In this article, we will introduce you to the concept of block halving. To do this, you first need to know some additional information.
How are new coins mined by miners?
What is mining, or in English, “digging” cryptocurrencies? Being a “miner” on the blockchain network involves solving complex mathematical puzzles. In order to be able to make difficult calculations, we need hardware with high computing power. Once the puzzle is solved, a new block is created on the blockchain network. In the case of Bitcoin (BTC), a new block is created on average every 10 minutes, joining the global P2P network. For “digging” a new block, i.e. a new node, each “miner” receives a so-called block reward, i.e. a certain amount of coins.
Deflation on the example of Bitcoin (BTC)
If you are rewarded with coins for “digging” cryptocurrencies, is this an infinite source of profit? If you are new to the world of cryptocurrencies, this is probably the question that has popped into your head. Unfortunately, the answer is no. We’ll use one of the most popular cryptocurrencies, Bitcoin (BTC), as an example. Bitcoin is a deflationary currency, which means that its supply is predetermined. Therefore, more coins cannot be mined because the number of coins is predetermined. Currently, new coins are being mined by “miners” all the time, while the bonus, or reward (amount of new coins) that a “miner” receives for mining a new block is decreasing all the time. The implication is that Bitcoin inflation is heading towards zero. It is projected to reach this level in 2040.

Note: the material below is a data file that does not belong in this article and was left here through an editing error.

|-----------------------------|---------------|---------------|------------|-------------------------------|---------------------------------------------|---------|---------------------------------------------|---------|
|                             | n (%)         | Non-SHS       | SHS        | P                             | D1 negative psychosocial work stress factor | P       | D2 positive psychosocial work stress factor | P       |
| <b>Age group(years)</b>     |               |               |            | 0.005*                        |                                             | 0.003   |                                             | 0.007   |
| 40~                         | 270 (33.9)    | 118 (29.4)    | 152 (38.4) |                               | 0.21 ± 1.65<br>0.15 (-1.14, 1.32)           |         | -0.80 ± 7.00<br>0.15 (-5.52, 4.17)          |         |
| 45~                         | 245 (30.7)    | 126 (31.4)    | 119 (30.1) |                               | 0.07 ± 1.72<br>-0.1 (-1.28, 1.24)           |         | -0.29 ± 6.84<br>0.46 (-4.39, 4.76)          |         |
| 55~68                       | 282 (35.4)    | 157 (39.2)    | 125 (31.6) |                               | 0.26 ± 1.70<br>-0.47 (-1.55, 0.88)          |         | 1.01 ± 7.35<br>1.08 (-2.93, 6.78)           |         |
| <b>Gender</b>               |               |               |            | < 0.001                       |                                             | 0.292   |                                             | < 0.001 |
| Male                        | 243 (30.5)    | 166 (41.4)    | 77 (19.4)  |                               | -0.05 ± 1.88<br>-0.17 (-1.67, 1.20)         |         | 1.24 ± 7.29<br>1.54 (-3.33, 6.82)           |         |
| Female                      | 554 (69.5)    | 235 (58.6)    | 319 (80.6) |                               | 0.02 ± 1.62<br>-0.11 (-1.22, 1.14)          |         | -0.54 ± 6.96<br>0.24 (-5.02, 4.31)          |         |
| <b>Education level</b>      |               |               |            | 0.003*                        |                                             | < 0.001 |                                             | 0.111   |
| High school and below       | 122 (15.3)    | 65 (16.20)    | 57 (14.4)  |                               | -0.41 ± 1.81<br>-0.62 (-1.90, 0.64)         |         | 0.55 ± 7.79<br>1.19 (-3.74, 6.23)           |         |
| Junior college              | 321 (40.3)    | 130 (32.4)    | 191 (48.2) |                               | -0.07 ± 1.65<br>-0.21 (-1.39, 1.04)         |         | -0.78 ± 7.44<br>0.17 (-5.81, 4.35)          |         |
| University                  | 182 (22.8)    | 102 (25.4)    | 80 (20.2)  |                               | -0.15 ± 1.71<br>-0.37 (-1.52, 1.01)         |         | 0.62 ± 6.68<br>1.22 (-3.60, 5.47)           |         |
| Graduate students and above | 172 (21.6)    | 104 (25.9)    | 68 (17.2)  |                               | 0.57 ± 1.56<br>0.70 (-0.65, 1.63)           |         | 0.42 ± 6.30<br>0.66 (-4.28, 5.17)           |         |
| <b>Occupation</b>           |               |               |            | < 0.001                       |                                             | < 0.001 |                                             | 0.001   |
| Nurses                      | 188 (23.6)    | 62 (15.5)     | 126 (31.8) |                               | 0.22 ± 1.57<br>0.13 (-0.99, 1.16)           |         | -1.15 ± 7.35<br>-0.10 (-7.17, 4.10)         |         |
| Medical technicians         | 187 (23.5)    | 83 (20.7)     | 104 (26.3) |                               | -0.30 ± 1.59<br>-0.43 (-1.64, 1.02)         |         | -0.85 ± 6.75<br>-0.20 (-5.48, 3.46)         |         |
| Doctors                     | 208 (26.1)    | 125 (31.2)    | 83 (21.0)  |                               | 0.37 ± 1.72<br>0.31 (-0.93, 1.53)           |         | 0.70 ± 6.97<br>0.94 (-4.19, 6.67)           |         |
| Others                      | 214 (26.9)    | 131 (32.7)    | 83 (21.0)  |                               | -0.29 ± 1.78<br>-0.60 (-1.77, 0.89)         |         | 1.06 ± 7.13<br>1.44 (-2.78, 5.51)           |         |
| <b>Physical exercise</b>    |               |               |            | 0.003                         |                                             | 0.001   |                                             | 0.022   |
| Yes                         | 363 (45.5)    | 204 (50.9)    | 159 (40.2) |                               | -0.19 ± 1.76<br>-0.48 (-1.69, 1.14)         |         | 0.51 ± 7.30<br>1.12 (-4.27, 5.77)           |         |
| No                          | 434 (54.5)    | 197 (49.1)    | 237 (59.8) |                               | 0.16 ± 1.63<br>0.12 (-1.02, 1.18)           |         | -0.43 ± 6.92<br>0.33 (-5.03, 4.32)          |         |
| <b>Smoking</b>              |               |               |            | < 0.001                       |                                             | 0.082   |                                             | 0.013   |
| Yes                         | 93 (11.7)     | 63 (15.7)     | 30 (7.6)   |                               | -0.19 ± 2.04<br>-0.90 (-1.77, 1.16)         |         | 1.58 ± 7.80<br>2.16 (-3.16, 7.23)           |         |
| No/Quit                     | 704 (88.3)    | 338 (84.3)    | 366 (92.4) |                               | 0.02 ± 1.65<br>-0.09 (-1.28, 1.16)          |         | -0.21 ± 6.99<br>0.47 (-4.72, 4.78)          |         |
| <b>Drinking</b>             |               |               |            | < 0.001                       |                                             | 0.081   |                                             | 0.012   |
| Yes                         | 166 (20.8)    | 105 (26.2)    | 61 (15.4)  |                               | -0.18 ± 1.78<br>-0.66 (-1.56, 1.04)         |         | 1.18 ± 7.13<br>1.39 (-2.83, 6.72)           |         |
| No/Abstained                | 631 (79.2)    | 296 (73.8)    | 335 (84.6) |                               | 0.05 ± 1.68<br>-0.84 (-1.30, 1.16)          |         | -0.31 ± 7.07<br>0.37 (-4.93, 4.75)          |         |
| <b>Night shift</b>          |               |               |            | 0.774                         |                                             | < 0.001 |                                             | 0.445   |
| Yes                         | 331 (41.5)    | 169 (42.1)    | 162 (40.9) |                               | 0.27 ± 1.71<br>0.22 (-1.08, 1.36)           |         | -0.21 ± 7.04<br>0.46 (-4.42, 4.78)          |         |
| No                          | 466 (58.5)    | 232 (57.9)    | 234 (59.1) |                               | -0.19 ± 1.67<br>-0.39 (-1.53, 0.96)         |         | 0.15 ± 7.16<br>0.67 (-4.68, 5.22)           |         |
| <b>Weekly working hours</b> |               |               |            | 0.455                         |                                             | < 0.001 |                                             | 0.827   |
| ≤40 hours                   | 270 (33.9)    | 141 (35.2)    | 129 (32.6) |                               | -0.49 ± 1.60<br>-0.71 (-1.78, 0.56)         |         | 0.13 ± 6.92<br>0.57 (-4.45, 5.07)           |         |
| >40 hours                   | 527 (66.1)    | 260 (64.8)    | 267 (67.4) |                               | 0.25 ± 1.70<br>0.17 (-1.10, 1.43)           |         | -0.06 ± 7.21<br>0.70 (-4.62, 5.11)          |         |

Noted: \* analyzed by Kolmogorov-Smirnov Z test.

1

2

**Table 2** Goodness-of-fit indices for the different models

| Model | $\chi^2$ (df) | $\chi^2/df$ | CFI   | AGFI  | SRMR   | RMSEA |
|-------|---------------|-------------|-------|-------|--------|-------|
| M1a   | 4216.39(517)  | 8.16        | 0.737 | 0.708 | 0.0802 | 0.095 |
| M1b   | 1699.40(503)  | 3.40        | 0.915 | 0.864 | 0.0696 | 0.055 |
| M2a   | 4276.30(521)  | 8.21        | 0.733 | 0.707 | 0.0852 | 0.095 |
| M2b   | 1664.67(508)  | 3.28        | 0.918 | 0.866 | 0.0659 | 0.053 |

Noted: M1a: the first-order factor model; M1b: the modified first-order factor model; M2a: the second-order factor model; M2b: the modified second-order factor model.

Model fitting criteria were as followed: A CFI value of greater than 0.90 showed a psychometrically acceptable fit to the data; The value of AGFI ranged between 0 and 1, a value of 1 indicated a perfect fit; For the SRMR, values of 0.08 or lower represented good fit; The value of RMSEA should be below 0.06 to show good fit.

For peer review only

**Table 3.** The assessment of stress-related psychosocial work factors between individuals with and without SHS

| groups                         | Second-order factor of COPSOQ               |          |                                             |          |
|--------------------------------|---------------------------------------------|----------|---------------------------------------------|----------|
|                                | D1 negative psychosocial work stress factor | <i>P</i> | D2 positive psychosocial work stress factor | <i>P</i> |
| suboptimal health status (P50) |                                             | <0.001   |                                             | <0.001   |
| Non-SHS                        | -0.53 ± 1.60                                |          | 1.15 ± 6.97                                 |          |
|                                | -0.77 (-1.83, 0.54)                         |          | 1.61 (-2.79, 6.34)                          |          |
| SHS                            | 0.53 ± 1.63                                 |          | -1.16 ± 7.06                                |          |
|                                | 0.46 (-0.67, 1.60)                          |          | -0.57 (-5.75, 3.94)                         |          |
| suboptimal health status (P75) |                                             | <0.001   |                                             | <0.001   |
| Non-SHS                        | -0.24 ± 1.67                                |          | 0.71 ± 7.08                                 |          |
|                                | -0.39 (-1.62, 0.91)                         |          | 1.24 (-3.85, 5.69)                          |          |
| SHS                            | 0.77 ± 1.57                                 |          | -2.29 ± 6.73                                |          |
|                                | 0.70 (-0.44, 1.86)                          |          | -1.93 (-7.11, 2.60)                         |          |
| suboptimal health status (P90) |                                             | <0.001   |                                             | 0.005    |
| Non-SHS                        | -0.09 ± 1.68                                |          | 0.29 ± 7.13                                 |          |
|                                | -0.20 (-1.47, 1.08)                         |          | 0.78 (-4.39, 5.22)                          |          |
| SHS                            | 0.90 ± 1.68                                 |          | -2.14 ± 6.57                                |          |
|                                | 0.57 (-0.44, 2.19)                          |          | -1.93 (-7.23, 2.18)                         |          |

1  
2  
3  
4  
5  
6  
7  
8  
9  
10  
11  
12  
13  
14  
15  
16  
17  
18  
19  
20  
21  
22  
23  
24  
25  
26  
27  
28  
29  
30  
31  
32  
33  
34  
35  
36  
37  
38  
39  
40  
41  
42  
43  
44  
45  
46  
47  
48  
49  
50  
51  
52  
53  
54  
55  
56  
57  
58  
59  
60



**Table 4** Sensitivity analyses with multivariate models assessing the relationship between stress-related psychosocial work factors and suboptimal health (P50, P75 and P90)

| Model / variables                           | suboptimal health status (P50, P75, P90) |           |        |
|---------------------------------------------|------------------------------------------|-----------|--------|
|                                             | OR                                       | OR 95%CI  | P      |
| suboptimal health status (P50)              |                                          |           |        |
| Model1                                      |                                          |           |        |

What is block halving?
In this case, we seamlessly move to a new term: blockhalving. Blockhalving is called an action that aims to reduce the influx of new coins of a specific cryptocurrency. As we mentioned in the previous paragraph, the reward for mining a new node is periodically reduced. We will again use Bitcoin (BTC) as an example cryptocurrency to better understand the concept of blockhalving.
After every 210,000 blocks mined, which is roughly every four years, the block reward, which is the reward given to Bitcoin “miners” for mining a new block, is halved. By doing this, it also halves the rate at which new Bitcoin is put into circulation. In this way, Bitcoin uses an artificial form of inflation, which is halved every four years until all Bitcoins have been “mined.”
So far in Bitcoin’s history, three blockhalvings have occurred. The first one was in 2009, when the reward for each mined block in the chain was 50 Bitcoins, while after the first halving it was 25. The next one occurred in 2016. Then the reward was 12.5 Bitcoin. Whereas from May 11, 2020, the reward is 6.25 bitcoin per block.